Don’t confuse this with the multiplication operator though – multiply takes two operands (e.g. x*y), dereference only takes one (e.g. *x).

The data type of a pointer must match the data type of the variable it points to.

Let’s look at declaring and initializing pointers…

int x;

float y;

int *pointer_to_x;

pointer_to_x = &x;

float *pointer_to_y = &y;

/*a simpler way*/

Finally, *pointer_to_x = &x; causes a compilation error, so be careful with the way you declare and initialize your pointers.

char * is somewhat special, and will be looked at in the string section.

Warning

You compiler might complain if you try and declare variables after creating pointers, so it’s best if you declare all your variables at the beginning of main, rather than “on the fly” e.g. halfway through main.

Accessing Variable Values Using Pointers

Now that you have a pointer that points to a variable, how can we retrieve the value it’s pointing to?

Answer: you can access the variable’s value using the dereference operator. Here’s an example:

#include <stdio.h>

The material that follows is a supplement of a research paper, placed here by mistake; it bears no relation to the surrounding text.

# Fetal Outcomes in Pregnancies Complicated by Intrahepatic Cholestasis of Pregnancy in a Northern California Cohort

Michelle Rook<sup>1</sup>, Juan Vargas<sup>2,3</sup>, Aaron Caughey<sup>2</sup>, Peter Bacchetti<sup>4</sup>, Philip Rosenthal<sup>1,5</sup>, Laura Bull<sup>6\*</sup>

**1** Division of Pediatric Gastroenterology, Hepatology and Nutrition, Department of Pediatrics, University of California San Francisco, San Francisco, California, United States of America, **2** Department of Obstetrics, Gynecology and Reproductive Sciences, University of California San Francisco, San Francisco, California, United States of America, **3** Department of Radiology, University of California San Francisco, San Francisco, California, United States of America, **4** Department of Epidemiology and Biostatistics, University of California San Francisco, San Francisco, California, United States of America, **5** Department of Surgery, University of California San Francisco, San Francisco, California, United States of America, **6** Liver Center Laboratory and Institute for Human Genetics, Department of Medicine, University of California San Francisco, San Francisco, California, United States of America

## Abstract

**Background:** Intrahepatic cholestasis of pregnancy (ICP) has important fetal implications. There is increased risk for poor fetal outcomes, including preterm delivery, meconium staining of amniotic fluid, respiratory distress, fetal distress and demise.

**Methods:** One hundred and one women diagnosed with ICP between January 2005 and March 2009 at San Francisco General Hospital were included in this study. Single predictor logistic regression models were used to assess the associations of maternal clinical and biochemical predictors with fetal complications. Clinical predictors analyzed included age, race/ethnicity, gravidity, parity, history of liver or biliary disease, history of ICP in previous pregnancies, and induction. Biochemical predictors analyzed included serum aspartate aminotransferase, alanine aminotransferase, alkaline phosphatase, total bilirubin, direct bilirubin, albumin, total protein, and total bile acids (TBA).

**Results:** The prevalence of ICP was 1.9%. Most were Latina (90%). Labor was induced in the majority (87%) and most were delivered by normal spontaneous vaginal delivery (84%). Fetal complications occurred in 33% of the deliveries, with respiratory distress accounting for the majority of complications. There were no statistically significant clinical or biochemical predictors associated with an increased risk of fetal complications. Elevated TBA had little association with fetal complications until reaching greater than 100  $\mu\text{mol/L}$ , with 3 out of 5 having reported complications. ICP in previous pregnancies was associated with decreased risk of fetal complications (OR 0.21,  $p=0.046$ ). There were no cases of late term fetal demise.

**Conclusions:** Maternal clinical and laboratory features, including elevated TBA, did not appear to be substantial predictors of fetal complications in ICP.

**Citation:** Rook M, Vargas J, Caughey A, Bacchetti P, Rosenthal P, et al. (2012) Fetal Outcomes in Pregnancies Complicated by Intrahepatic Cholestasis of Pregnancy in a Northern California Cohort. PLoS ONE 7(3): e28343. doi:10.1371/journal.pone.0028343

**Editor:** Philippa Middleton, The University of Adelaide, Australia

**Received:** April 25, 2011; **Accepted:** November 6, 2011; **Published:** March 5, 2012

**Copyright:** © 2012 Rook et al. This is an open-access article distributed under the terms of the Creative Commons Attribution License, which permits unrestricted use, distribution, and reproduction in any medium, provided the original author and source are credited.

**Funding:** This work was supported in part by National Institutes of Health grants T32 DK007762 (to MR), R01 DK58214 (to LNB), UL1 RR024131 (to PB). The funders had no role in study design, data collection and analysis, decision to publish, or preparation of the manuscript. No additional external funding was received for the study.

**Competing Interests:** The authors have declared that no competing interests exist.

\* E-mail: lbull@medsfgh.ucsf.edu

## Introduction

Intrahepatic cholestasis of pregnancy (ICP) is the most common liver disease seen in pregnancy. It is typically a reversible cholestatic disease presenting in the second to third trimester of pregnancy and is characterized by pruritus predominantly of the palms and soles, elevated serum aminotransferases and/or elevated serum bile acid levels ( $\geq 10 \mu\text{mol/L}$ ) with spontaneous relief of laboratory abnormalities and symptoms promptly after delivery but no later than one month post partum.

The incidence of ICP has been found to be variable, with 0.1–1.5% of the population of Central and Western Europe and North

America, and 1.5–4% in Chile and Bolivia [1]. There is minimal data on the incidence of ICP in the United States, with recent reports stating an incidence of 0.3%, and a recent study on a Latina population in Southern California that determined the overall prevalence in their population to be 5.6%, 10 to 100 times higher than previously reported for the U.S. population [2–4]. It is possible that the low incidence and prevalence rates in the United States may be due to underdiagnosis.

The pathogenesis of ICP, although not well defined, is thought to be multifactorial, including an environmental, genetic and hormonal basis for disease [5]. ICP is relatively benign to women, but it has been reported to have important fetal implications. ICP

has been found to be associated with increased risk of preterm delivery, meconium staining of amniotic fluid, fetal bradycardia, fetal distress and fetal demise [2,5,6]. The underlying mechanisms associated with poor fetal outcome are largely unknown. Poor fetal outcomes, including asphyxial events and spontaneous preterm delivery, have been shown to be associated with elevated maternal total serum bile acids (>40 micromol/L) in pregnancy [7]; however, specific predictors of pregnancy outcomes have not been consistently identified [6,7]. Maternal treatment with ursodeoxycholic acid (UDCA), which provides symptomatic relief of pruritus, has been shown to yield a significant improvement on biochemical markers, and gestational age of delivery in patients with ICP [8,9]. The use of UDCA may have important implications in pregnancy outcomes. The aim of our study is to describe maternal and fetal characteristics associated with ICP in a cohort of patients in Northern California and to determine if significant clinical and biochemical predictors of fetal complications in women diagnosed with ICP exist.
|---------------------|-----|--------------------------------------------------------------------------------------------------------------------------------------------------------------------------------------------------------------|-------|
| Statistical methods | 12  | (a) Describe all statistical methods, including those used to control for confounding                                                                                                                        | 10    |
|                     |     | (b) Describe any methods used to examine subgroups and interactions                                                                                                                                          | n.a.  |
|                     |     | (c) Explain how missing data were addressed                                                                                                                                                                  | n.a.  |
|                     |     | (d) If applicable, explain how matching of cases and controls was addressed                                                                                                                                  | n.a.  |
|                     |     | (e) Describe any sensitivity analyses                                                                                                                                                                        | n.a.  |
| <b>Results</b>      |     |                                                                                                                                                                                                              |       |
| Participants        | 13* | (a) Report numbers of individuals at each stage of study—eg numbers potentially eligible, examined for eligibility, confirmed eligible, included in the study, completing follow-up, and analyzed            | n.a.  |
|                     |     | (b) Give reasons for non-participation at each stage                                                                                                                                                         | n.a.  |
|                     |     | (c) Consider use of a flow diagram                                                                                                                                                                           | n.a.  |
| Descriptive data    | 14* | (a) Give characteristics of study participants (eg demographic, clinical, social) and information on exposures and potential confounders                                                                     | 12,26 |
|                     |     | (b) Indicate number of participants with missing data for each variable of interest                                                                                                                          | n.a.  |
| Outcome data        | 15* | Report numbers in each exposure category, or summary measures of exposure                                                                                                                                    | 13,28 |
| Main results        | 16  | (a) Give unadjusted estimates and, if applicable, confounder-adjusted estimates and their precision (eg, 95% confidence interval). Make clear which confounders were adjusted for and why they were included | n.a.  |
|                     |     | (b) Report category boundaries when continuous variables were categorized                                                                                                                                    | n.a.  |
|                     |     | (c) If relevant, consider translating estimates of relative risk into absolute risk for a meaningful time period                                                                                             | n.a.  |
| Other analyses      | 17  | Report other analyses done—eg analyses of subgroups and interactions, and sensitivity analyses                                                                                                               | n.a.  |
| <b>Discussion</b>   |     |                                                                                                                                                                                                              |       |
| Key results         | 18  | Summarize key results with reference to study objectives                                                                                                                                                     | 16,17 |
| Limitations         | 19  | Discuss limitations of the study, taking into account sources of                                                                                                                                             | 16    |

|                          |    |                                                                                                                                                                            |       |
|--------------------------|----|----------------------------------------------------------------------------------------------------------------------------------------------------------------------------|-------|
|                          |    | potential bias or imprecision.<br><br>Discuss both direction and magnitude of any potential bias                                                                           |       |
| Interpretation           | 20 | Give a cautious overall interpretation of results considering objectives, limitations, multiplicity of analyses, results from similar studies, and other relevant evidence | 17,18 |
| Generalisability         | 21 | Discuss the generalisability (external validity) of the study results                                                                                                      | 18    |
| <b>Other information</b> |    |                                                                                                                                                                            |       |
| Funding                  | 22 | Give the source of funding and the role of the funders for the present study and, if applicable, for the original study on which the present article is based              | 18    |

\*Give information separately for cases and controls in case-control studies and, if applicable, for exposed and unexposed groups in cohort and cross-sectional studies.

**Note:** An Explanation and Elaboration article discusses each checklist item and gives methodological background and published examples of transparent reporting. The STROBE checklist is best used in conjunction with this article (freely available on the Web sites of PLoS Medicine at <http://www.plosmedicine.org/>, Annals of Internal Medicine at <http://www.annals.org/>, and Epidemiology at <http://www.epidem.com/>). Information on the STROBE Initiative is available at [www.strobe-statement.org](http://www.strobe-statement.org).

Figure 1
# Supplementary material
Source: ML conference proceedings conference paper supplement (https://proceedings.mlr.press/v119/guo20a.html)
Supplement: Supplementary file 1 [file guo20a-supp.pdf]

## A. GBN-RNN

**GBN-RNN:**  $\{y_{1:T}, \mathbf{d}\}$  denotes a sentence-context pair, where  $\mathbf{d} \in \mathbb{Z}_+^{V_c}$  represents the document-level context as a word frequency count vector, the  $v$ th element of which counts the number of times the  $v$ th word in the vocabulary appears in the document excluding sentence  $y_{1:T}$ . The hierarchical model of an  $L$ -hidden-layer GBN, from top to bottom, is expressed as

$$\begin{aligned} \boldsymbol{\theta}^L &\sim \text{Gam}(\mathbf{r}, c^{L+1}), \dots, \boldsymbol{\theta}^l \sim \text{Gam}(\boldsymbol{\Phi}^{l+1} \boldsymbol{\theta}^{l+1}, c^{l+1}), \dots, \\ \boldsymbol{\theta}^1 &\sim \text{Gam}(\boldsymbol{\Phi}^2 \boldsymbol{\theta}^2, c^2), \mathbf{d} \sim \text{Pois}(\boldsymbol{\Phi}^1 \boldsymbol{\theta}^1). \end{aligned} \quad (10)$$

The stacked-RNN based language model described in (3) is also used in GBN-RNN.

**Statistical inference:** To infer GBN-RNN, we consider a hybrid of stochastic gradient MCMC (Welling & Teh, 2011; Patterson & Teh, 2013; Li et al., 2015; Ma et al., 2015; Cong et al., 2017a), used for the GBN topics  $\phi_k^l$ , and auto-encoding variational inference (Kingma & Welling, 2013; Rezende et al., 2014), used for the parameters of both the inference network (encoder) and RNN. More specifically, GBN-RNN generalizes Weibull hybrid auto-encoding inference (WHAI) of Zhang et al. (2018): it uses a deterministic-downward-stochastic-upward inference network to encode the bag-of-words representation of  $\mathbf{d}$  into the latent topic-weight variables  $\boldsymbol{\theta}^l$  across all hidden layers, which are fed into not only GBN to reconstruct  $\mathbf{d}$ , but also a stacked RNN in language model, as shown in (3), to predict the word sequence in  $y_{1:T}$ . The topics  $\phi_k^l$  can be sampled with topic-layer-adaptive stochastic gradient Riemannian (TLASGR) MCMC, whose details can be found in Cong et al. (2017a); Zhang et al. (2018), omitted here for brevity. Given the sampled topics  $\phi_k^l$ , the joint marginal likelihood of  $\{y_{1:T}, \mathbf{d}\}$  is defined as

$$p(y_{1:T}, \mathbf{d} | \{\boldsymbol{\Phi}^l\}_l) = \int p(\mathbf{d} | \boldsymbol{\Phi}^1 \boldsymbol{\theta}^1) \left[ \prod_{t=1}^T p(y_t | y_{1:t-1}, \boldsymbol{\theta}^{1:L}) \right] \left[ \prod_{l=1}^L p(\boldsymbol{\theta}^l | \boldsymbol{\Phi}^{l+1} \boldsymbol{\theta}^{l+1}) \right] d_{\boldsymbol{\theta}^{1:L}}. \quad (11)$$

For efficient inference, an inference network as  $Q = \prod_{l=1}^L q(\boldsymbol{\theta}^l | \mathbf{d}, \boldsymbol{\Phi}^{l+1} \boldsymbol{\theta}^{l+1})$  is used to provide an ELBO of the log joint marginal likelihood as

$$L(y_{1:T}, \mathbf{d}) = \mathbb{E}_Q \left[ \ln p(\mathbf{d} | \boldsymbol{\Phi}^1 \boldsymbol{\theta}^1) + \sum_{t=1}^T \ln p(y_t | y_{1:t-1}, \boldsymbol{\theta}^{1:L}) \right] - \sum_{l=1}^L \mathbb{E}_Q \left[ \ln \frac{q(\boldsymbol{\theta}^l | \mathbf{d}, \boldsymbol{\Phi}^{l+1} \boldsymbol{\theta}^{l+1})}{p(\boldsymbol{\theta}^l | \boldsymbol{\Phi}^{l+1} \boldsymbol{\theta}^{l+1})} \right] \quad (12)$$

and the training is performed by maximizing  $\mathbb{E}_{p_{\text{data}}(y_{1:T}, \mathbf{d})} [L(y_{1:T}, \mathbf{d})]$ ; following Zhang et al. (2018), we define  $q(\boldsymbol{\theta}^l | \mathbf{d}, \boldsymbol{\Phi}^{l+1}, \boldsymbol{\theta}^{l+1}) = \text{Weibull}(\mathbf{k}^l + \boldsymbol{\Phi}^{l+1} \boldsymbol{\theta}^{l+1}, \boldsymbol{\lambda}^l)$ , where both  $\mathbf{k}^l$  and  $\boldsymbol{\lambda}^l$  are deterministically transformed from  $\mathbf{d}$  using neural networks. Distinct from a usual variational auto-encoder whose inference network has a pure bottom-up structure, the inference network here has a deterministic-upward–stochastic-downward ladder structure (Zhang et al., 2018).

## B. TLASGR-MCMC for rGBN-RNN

int main() {

int x = 12;

int *ptr = &x;

printf(“Address of x: 0x%p\n”, ptr);

printf(“Address of x: 0x%x\n”, &x);

printf(“Address of ptr: 0x%x\n”, &ptr);

printf(“Value of x: %d\n”, *ptr);

return 0;

}

Output:

The first 2 printf statements demonstrates that the address of x is stored in the pointer variable, ptr. Notice how %p returns a full 8 digit hex value in uppercase – maybe I should’ve used %X for the address of x for clarity.

The 3rd printf demonstrates that ptr itself has a place in the memory, which shows it’s a variable.

The final printf uses the dereference operator to extract the value pointed to by ptr, like this: *ptr.

Pointers and Arrays

When I first learnt pointers, I kept thinking: “Why should I use pointers?!!”. Looking at my previous example, I could’ve simplify things a little by not using pointers.

Pointers are useful when it comes to arrays.

One less obvious fact is that the name of an array is a pointer, simply because the name points to the first element of that array.

Try and picture this: when you initialize an array (of size 10, lets say), the computer picks a row of 10 CONSECUTIVE unused memory slots and stores the values in them.